Ah – yes once again its time for by bi-annual review of linux distro’s. Why? I don’t know – but why not? Last time I looked at Fedora 16, Mint, and a few other distros. F-16 got pretty beat up by most people about its dekstop GUI (I kinda liked it) and I’ve never tried out Slackware. So let’s see what’s up with these two distros. Like last time I’ll be using my trusty Lenovo T60P ThinkPad.
Getting the Slackware distribution was a bit more difficult. ISO files are not directly available. You can get files from mirrors or use a torrent to get the ISO. I chose the latter (I used uTorrent). Slackware is pretty big – 4.2 GB so the download on my crappy Verizon DSL connection took quite a while.
Ok – um…wow – boot up the DVD and you are dumped to a command line and told to partition your drive using fdisk. What? Serious? Hmmm…old school. I searched around and found some slightly helpful things – but you would think there would be some kind of recommended setup at least on the slackware site. Yikes.
Well anyway I used the cfdisk program option to partition my drive into three chunks: 1 GB swap space (probably too small – should have done 2GB), a 25GB space for /, and the rest for /usr. Probably not the best setup on earth, but it should do the trick. Following that I ran setup and picked the options to install everything and off it went. After copying a bunch of stuff there’s a blithering array of questions you need to deal including such things as pick out a mouse, service startup, picking loaders, and all sorts of things.
I rebooted the machine and after a bizillion lines of text scrolling past was dumped out to a command prompt. Ok – you startup KDE with “startx” or “startkde” – that booted up the GUI desktop. Decent desktop. Next – get a wireless network running..um…problem here. I can’t figure out how to get a wireless network running. I searched around on the internet, found some references on the slackware docs to this “new technology”, found a bunch of forums posts, and came to the conclusion that maybe this distro ain’t for me.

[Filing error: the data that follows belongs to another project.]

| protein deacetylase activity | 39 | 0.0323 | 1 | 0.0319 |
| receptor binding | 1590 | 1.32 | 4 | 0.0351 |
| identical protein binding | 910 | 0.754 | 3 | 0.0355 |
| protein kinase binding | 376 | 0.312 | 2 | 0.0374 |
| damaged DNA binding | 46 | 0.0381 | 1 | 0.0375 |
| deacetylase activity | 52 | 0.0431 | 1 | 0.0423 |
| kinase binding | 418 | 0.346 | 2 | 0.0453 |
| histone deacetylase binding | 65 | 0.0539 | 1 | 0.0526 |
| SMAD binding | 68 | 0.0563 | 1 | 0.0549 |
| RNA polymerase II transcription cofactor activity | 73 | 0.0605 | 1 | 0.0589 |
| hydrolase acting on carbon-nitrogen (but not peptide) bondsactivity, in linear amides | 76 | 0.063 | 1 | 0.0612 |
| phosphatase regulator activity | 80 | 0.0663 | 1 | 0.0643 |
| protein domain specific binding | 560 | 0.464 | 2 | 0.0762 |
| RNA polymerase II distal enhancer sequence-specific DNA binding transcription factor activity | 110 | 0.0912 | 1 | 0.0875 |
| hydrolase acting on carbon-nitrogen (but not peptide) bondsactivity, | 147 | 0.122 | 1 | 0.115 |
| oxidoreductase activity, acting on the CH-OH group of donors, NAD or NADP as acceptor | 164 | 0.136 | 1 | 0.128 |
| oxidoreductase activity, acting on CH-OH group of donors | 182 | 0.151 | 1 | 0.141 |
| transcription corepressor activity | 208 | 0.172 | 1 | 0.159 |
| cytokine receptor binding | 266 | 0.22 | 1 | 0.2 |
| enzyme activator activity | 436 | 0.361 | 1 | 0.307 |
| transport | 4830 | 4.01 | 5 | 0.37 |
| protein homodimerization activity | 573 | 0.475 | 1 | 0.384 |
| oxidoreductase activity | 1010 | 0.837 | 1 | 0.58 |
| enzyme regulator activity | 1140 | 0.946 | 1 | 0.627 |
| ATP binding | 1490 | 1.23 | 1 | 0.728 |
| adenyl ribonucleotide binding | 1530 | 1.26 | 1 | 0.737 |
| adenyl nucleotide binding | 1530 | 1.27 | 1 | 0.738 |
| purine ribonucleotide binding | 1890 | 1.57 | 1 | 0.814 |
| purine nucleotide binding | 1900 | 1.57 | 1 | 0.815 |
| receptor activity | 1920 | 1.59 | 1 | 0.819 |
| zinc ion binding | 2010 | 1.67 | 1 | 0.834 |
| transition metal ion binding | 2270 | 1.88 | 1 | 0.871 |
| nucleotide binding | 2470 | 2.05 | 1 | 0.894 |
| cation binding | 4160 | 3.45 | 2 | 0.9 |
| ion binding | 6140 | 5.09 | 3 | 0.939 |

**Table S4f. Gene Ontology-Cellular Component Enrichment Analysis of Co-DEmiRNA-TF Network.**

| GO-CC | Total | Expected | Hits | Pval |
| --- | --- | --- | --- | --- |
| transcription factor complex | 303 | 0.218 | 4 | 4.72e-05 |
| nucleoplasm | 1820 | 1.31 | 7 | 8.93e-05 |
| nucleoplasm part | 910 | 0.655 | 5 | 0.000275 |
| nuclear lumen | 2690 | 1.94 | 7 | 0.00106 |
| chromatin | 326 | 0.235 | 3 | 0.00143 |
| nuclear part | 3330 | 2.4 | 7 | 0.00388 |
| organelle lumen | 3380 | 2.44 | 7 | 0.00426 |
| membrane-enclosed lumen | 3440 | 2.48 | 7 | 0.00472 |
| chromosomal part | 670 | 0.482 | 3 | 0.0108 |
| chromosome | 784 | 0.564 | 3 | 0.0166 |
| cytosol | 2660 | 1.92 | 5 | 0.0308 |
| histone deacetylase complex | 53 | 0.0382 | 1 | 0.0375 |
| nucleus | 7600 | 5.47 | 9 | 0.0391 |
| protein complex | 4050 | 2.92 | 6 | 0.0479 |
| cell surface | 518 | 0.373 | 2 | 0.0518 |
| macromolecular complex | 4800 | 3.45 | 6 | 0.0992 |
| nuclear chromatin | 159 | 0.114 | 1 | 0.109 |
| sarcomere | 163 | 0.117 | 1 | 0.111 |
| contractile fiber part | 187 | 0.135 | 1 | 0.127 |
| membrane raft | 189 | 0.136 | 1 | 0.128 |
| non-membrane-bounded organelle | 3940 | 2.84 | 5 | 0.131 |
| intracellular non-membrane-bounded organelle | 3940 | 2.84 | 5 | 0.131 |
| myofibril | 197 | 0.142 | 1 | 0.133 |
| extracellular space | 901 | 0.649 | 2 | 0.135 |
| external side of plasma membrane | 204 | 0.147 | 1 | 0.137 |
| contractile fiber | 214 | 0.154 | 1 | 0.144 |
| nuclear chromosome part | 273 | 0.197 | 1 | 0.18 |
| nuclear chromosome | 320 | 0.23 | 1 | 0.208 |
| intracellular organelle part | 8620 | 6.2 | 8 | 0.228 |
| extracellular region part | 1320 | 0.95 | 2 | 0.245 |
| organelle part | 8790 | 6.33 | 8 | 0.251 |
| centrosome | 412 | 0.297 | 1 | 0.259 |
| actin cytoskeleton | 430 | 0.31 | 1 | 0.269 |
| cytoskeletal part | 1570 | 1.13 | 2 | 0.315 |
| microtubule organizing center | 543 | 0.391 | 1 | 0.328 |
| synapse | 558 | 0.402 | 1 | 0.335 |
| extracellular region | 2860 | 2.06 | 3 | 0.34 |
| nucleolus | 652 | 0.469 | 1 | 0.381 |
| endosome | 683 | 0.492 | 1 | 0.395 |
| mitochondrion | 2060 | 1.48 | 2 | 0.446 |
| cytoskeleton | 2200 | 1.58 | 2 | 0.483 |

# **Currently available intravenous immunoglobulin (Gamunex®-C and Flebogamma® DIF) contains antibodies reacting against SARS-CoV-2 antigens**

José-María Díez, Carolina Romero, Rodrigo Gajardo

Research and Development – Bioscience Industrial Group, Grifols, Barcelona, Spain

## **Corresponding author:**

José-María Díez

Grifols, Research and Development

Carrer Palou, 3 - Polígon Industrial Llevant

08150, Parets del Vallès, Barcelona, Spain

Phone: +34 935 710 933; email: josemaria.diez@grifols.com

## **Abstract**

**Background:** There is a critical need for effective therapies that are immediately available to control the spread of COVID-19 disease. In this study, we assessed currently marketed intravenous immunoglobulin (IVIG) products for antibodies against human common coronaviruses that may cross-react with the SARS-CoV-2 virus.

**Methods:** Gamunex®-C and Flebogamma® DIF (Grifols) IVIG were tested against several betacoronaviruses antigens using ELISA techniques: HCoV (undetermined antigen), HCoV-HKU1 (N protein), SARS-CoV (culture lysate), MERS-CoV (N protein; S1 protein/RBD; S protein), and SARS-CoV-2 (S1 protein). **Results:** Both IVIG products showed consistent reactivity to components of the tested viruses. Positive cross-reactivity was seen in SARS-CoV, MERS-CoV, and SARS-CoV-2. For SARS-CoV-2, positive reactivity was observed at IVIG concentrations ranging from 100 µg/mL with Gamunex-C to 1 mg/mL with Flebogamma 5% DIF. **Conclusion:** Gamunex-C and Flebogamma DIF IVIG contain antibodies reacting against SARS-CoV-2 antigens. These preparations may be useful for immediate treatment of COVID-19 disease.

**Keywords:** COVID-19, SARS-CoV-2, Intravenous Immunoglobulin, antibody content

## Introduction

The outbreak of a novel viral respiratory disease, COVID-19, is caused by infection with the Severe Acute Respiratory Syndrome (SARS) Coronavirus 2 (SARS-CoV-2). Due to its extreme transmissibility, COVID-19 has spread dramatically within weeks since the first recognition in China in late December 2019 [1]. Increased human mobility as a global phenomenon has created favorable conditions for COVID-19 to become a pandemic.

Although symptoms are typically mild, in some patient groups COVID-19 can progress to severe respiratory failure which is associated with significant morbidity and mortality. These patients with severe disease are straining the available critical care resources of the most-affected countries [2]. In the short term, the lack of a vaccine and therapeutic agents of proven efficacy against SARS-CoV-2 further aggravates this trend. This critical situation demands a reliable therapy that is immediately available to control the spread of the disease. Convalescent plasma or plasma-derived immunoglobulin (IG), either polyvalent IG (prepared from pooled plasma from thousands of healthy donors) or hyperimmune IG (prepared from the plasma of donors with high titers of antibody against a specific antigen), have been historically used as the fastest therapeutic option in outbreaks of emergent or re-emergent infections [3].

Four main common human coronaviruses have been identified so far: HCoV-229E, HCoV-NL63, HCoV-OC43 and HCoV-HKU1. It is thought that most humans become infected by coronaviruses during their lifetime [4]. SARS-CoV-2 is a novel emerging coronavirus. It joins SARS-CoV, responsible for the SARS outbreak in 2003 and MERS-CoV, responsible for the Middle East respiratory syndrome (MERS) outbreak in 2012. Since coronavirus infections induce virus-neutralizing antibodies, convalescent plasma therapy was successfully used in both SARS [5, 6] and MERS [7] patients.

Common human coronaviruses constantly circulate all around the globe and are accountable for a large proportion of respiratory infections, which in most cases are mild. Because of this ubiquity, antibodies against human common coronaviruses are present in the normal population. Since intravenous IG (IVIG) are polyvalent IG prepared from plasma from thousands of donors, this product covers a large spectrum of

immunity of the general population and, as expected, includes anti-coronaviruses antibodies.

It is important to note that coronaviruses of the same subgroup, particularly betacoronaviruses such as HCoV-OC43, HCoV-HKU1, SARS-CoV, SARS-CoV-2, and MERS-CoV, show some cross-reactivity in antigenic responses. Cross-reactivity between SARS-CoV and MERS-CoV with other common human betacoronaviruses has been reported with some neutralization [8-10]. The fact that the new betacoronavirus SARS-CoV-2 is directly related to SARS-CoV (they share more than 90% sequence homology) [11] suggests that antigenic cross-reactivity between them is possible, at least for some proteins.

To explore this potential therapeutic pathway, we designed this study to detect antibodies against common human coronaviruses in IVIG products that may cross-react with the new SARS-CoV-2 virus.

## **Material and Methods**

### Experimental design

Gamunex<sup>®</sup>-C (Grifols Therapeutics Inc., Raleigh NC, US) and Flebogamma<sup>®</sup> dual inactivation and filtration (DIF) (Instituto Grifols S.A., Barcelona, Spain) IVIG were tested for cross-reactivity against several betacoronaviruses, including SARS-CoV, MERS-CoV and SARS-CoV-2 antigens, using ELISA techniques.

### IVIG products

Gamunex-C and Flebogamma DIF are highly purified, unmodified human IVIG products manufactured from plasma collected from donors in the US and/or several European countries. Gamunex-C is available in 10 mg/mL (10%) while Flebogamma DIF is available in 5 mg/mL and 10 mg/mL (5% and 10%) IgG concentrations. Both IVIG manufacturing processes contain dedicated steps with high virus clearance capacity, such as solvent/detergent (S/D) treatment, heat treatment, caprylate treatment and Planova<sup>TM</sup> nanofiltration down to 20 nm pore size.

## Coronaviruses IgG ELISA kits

Back in the day I would have sat down and dug in on how to manually configure all this with inconfig and all that, but these days its just not worth it unless you are into it. For me its gonna be a 30-sec hold on the power button and Fedora 17 here we come.
I grabbed the ISO CD – its nice that you can still get something on a CD – about 650MB. Booted that up – there no option to install right away so you have to do the CD boot thing. The desktop appears shortly and you can then either play around or install. I’m installing. ..the install steps thru all the normal config options, it creates the partitions for you (yes you can create custom ones), and goes to completion. Couldn’t be easier.
After a reboot the system came up with a few basic config screens and voila. the interface looks pretty much the same as 16 – which is ok for me. After the reboot there’s a quick check on WiFi – yep just bang in a key and good to go. 30 minutes later I’ve got all the udpates applied and the system is running nice!
Fedora 17 is smooth and snappy on my 5 year old T60p ThinkPad. The graphics look good and the basic programs are here – including one of favorites RhythmBox.
All the hardware on my machien is working – sounds, grpahics, CD/DVD. Flawless and simple.
Most of what’s new in Fedora 17 is fun an candy for programmers:
- jBoss AS 7
- PHP 5.4
- Eclipse Juno
- some interesting grid/cloud stuff too.
From there we hit some bumps. As always it seems that the Fedora guys just quite cannot make installing software easy. Take any of the aforementioned products. can they be installed from the Add/Remove Software program – no. Try it. You can’t. Search on “jBoss Application Server” or “JBoss AS” or anything else. You won’t find it. Same for apache httpd. WTF? Come on. For jBoss the trick is just search on “jboss”. it will be about 20 down the list.
Installation of programs using Add/Remove programs thing is Fedora’s achilles heel. Boy it sucks – even when you find what you want to install and run the installation – where does it go?: I installed jboss – but no clue where it went. Dumb. Between that and the lack of a service control panel to start and stop services – grrr!
Well – slackware reminds me of OS/2 – unless you were totally into it, you hated it. Sorry to fans of that distro – I’m sure some will take offence. Fedora continues to shine if you forget about the add/remove software stuff – use yum or just grab stuff on your own. You can get the latest software running on a pretty old laptop and the laptop will seem like new in terms of speed. Plus it is stable, runs all the internet stuff you could need, and has some decent multimedia stuff that you can’t get on Windows. Go Fedora 17!